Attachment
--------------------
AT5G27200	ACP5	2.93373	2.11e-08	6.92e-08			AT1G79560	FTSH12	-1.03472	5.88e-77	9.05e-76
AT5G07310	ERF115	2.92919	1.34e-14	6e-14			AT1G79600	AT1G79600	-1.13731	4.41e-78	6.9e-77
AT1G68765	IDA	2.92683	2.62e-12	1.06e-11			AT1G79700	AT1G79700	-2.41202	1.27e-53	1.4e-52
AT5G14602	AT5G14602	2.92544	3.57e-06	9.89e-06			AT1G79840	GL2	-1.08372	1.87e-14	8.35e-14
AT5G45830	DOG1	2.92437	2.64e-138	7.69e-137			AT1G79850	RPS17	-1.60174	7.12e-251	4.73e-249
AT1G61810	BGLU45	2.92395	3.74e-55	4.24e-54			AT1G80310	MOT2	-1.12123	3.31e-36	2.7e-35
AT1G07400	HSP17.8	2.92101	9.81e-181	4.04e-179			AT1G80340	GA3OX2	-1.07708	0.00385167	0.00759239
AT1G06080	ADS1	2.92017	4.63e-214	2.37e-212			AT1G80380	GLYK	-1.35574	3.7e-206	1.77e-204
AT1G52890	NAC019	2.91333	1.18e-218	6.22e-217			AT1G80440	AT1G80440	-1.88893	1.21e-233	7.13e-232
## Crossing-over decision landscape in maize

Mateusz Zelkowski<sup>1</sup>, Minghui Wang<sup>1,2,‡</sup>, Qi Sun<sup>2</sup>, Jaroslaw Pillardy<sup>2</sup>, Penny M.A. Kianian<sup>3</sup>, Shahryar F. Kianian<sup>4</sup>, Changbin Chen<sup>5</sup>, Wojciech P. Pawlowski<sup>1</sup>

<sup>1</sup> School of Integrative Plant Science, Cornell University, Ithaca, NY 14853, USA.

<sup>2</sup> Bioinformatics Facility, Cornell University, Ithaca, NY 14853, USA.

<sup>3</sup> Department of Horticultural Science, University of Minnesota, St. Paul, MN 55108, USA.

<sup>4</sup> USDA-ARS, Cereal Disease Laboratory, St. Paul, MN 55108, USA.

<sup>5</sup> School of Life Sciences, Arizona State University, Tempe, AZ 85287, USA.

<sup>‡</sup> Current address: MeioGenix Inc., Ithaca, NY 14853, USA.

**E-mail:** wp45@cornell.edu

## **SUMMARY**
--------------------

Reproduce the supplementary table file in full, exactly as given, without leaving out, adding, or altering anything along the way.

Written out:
AT5G27200	ACP5	2.93373	2.11e-08	6.92e-08			AT1G79560	FTSH12	-1.03472	5.88e-77	9.05e-76
AT5G07310	ERF115	2.92919	1.34e-14	6e-14			AT1G79600	AT1G79600	-1.13731	4.41e-78	6.9e-77
AT1G68765	IDA	2.92683	2.62e-12	1.06e-11			AT1G79700	AT1G79700	-2.41202	1.27e-53	1.4e-52
AT5G14602	AT5G14602	2.92544	3.57e-06	9.89e-06			AT1G79840	GL2	-1.08372	1.87e-14	8.35e-14
AT5G45830	DOG1	2.92437	2.64e-138	7.69e-137			AT1G79850	RPS17	-1.60174	7.12e-251	4.73e-249
AT1G61810	BGLU45	2.92395	3.74e-55	4.24e-54			AT1G80310	MOT2	-1.12123	3.31e-36	2.7e-35
AT1G07400	HSP17.8	2.92101	9.81e-181	4.04e-179			AT1G80340	GA3OX2	-1.07708	0.00385167	0.00759239
AT1G06080	ADS1	2.92017	4.63e-214	2.37e-212			AT1G80380	GLYK	-1.35574	3.7e-206	1.77e-204
AT1G52890	NAC019	2.91333	1.18e-218	6.22e-217			AT1G80440	AT1G80440	-1.88893	1.21e-233	7.13e-232
## Crossing-over decision landscape in maize

Mateusz Zelkowski<sup>1</sup>, Minghui Wang<sup>1,2,‡</sup>, Qi Sun<sup>2</sup>, Jaroslaw Pillardy<sup>2</sup>, Penny M.A. Kianian<sup>3</sup>, Shahryar F. Kianian<sup>4</sup>, Changbin Chen<sup>5</sup>, Wojciech P. Pawlowski<sup>1</sup>

<sup>1</sup> School of Integrative Plant Science, Cornell University, Ithaca, NY 14853, USA.

<sup>2</sup> Bioinformatics Facility, Cornell University, Ithaca, NY 14853, USA.

<sup>3</sup> Department of Horticultural Science, University of Minnesota, St. Paul, MN 55108, USA.

<sup>4</sup> USDA-ARS, Cereal Disease Laboratory, St. Paul, MN 55108, USA.

<sup>5</sup> School of Life Sciences, Arizona State University, Tempe, AZ 85287, USA.

<sup>‡</sup> Current address: MeioGenix Inc., Ithaca, NY 14853, USA.

**E-mail:** wp45@cornell.edu

## **SUMMARY**